HOMEOWNERS WHO fiddle with their furnaces may get more heat than they bargained for.

In a recent newsletter, Lennox Industries, maker of heating and various other kinds of equipment, warned against installing on its furnace vents any damper devices aimed at saving energy.

It said, "the field application of any retrofit device that alters the design methods for venting combustion products, or any device or modification that alters the combustion process of a Lennox furnace are considered potentially hazardous and may void the Lennox warranty for that unit."

The problem, it said, was that "such retrofit applications can cause condensation inside the furnace which will corrode the heat exchanger, greatly reducing the life of the furnace and eventually creating a hazardous contition for occupants of the structure."

In fact, Lennox has experienced no such problems with damper devices installed on its furnaces, said Mel Cornillaud, vice president for marketing. Nor could Cornillaud cite any laboratory work to support the claim (Several other major furnace manufacturers also said they had heard of no instances of corrosion caused by retrofitted dampers.)

The problem is a hypothetical one.

But Lennox's threat to void its warranties on altered furnaces neatly expresses manufacturer concers that energy-saving dampers, it improperly installed, could lead to injuries or deaths and involve them in costly product liability suits.

"This is an area that will keep a lot of lawyers in business," said a spokesman for Tappan. Tappan warranties also may be void in cases where equipment has been altered by the owner.

Automatic vent dampers have become a popular addition in recent years of high energy costs, especially since the American Gas Association, the major testing organization for such appliances, began certifying them.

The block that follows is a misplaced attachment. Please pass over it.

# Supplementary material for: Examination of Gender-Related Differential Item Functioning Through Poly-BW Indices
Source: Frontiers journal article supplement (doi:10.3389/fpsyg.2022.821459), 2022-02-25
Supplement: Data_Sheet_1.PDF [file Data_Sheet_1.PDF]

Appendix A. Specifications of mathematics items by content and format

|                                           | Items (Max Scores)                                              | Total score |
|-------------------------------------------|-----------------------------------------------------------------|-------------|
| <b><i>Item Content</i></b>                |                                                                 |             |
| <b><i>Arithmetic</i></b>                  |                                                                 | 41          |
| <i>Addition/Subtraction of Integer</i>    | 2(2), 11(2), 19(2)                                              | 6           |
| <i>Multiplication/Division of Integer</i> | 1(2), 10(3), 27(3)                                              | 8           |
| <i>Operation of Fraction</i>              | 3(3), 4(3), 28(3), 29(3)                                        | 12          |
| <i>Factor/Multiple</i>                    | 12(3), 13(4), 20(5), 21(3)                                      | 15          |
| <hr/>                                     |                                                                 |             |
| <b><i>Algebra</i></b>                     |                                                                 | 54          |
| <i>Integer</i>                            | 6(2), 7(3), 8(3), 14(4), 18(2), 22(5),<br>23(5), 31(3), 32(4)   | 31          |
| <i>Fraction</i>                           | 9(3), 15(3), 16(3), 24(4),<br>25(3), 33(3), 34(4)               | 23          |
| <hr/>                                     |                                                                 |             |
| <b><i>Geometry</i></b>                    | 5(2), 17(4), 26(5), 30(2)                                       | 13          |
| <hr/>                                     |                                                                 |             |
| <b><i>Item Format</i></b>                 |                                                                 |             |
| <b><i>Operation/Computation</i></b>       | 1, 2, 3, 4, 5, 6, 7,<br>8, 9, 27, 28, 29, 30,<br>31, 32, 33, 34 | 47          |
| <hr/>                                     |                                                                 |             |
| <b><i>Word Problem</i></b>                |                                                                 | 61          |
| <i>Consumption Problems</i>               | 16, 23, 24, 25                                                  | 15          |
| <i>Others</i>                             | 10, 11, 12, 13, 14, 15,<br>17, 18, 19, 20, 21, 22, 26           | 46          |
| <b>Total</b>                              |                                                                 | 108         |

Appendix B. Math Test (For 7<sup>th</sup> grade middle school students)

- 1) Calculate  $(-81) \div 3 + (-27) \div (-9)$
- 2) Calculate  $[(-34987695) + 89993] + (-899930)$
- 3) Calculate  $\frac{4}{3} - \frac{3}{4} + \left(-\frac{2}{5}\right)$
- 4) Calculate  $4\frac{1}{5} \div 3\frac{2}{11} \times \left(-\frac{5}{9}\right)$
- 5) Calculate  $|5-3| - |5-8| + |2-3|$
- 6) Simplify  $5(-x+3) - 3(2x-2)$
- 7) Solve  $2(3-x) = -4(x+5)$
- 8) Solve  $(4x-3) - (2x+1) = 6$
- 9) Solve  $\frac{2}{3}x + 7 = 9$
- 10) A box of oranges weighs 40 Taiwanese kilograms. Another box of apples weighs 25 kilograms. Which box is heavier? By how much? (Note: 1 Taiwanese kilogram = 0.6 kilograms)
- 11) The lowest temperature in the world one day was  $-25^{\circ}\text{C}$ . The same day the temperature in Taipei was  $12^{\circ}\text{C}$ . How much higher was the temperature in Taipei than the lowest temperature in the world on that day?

Prices for them range from about $150-$250. The dampers attach to furnace and hotwater heater vents (gas or oil), opening when the appliance is running and closing when it is not to prevent heat from escaping up the flue. Applications in different parts of the country indicate they can, in at least some cases, result in substantial energy savings.

Recent studies by the U.S. Department of Energy showed the devices saved between 7 and 32 percent on fuel costs. Tests by the Michigan Consolidated Gas Company in Detroit bore an average savings of 17 percent in 18 different houses.

Though spokesmen for the Gas Appliance Manufacturers Association say they know of no injuries or health problems resulting from the use of vent dampers, homeowners should take care when installing one.

Said the Tappan spokesman: "I really don't feel we have enough field experience with them yet."

If installed incorrectly, the damper might fail to function, causing noxious exhaust fumes to back up in the house.

Find out which type of damper your furnace manufacturer recommends. Even manufacturers who don't make a damper of their own have tested others' on their equipment to meet AGA standards. Some recommend no damper be placed at all on their older model furnaces. Many, Lennox included, now make furnaces with damper options. Carrier's furnaces are build with printed circuitry that will accept only a Carrier vent damper.

Buy only a damper certified by AGA, for gas furnaces, or by Underwriters Laboratories, for oil.

Be sure the installer is a certified heating or plumbing contractor.

Get a permit. Mechanical permits are required in the Washington area to change furnaces. In some jurisdictions, permits are issued only to licensed contractors. The installation should also be inspected to ensure its safe operation.